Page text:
Reconcile (When Possible)

But forgiveness might not be all you should do. When do you say something to the person who sinned against you? The simplest answer is “When his sin continues to bother you.” It might bother you because of how seriously it harmed you. Or, even if you’re not affected personally, you might be concerned about what this sin says about the person’s spiritual state.

In any case, if his sin is serious enough that it keeps blinking on your moral and emotional radar, it’s probably best to talk to him about it. This is what Jesus teaches in Matthew 18:15–17 and Luke 17:3–5. It’s an effort to extend forgiveness outwardly and horizontally.

Whether you’re able to successfully extend that forgiveness depends, first of all, on having already forgiven the person in your heart. It also depends on whether he repents of his sin and asks for your forgiveness. You can only control the former. That’s why Paul says, “If possible, so far as it depends on you, live peaceably with all” (Rom. 12:18).

Of course, there’s a sense in which you can extend forgiveness to the person regardless of whether he asks for it. But for the relationship to be reconciled and restored, for forgiveness to be both offered and received, he must repent.

Pray and Decide Whether to Say Something

What if the sin isn’t against you? What you mustn’t do is judge, condemn, grow embittered, or harbor resentment. As the popular saying goes, “Resentment is like drinking poison and waiting for the other person to die.” Instead, start by praying for the person and saying nothing to anyone but God.

But when should you say something? After all, as Keller puts it, “It is never loving to allow someone to go on sinning in a grievous way.” As Paul says (speaking not of sin against you but of sin in which someone’s “caught” or “found out”), “Brothers, if anyone is caught in any transgression, you who are spiritual should restore him in a spirit of gentleness” (Gal. 6:1).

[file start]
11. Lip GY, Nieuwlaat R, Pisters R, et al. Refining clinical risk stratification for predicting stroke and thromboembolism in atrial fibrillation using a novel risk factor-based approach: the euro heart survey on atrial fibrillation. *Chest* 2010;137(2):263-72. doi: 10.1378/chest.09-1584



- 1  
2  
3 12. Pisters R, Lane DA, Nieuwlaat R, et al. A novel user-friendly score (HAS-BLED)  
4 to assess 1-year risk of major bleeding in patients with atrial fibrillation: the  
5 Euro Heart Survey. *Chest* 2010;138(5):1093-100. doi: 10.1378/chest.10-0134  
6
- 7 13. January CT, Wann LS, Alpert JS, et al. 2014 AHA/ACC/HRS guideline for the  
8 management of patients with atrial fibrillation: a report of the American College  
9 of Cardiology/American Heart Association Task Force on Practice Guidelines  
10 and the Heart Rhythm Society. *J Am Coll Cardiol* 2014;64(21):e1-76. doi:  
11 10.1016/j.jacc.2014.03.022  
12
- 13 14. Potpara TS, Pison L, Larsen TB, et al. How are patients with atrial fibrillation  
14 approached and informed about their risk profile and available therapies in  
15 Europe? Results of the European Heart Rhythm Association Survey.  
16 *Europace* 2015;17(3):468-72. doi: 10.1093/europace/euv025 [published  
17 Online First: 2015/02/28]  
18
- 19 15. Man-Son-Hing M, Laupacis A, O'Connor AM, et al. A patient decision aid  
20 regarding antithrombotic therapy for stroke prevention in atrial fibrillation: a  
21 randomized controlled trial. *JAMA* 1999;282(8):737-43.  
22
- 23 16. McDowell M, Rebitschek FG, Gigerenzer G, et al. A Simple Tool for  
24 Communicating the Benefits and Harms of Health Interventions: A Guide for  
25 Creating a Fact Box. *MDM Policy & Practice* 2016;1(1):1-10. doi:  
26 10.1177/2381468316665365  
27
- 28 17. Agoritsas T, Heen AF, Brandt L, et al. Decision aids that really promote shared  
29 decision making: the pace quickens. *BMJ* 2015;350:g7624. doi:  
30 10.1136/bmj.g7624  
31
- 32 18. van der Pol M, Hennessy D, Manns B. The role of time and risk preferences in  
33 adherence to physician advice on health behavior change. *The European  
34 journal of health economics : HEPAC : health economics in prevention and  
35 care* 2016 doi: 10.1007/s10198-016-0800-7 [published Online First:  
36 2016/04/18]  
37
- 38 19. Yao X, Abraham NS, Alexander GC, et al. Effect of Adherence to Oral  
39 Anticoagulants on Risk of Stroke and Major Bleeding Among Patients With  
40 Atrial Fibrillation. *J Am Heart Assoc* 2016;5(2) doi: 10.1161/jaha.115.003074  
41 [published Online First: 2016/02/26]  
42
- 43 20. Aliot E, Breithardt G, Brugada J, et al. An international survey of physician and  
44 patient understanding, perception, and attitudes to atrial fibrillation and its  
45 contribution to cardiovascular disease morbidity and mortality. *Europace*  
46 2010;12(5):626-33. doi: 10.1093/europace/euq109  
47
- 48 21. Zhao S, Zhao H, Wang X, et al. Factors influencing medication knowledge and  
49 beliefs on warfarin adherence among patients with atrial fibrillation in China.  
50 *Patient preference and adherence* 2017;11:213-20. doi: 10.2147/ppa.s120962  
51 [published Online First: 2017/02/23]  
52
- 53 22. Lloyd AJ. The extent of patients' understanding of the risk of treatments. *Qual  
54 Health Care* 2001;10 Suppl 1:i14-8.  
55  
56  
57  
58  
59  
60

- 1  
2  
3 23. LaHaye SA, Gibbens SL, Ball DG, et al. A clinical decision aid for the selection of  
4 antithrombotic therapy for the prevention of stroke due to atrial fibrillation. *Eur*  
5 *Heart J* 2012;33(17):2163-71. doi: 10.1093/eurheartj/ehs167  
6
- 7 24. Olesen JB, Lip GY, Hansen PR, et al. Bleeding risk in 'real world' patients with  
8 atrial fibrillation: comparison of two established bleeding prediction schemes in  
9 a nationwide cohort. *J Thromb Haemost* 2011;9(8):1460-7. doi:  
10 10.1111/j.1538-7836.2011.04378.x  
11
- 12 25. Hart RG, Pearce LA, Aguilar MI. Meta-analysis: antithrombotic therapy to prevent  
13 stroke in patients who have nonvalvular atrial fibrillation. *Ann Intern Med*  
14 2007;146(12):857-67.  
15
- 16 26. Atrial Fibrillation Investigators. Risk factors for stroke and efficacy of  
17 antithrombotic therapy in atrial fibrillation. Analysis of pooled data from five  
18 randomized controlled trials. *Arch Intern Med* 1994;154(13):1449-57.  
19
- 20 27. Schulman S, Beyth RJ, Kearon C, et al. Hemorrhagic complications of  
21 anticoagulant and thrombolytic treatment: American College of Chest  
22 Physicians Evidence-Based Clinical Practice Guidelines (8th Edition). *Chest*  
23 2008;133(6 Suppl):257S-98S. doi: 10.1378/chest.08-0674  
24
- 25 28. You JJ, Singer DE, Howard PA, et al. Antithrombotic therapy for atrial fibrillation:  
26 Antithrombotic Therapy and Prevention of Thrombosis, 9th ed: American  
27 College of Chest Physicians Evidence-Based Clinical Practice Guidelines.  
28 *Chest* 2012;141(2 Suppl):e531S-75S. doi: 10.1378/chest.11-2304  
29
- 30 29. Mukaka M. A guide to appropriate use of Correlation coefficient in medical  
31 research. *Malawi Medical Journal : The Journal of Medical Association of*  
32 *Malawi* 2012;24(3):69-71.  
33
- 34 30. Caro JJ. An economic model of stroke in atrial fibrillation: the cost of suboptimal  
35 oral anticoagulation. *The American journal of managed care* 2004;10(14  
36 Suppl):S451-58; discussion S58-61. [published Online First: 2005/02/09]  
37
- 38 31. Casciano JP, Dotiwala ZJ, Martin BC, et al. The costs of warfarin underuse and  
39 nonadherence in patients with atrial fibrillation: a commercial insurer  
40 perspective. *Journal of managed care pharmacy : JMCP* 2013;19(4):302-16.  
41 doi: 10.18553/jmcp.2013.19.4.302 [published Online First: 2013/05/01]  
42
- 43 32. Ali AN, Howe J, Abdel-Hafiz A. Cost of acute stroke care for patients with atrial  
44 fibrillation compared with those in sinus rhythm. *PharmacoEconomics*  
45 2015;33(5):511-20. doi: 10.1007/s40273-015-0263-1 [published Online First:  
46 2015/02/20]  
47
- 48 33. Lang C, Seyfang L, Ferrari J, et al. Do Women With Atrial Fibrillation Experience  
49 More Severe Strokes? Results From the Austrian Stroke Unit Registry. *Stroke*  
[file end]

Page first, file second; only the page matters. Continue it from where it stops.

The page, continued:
Here are two key questions to ask: (1) How confident are you that this is a sin? and (2) How serious a sin is it? The higher the sin scores on both counts, the more likely you should say something.

What if you try to talk to the other person, and it turns out you disagree about whether the act in question is a sin?

One factor to consider is whether there’s a theological difference at the root. One Christian views Sunday as the Sabbath and thinks it’s a sin to do any type of work; another doesn’t. You can address the theological issue if you like. But, like in Romans 14, recognize there are theological and practical issues Christians will continue to disagree about. We’ve disagreed over the Sabbath for 2,000 years. This might be one you have to live with!

It’s important to recognize Paul’s entire discussion in Romans 14:1–15:7 is built on the conviction that Christians should be able to live together in rich harmony, as members of the same church, despite ongoing clashes of conscience.

Christians should be able to live together in rich harmony, as members of the same church, despite ongoing clashes of conscience.

If there isn’t a theological difference at stake, make sure you agree about the moral basis of how you evaluate the issue. Your conscience works by applying a rule to a specific situation. It evaluates the particular in light of the universal. A judgment of conscience involves evaluating some situation outside the Bible with reference to a principle from the Bible. There are always two parts to the judgment.

So if you decide to pursue a conversation with the brother or sister you disagree with, try to come up with every relevant scriptural passage and principle. Lay them all out on the table and look at them together. Make sure you’re agreeing about the biblical basis for how you should evaluate the disputed behavior. Only then discuss the action. Give each person a chance to characterize it. And if you think her understanding of the behavior is defective, try to improve it, and see if she agrees with your improvement.

2 Tools for Unity

Even here, Christians will disagree. Is going five miles an hour over the speed limit a sin? What about jaywalking? Or not tipping at a restaurant? Recognize you can agree about the scriptural rule and disagree about its application.

Locating the source of disagreement helps contain it. Your disagreement is only there. It’s not about the lordship of Christ but about whether this action violates that rule. And remember that not every disagreement is a matter of conscience. Some are simply preferences. Not every preference ought to be a conviction of conscience.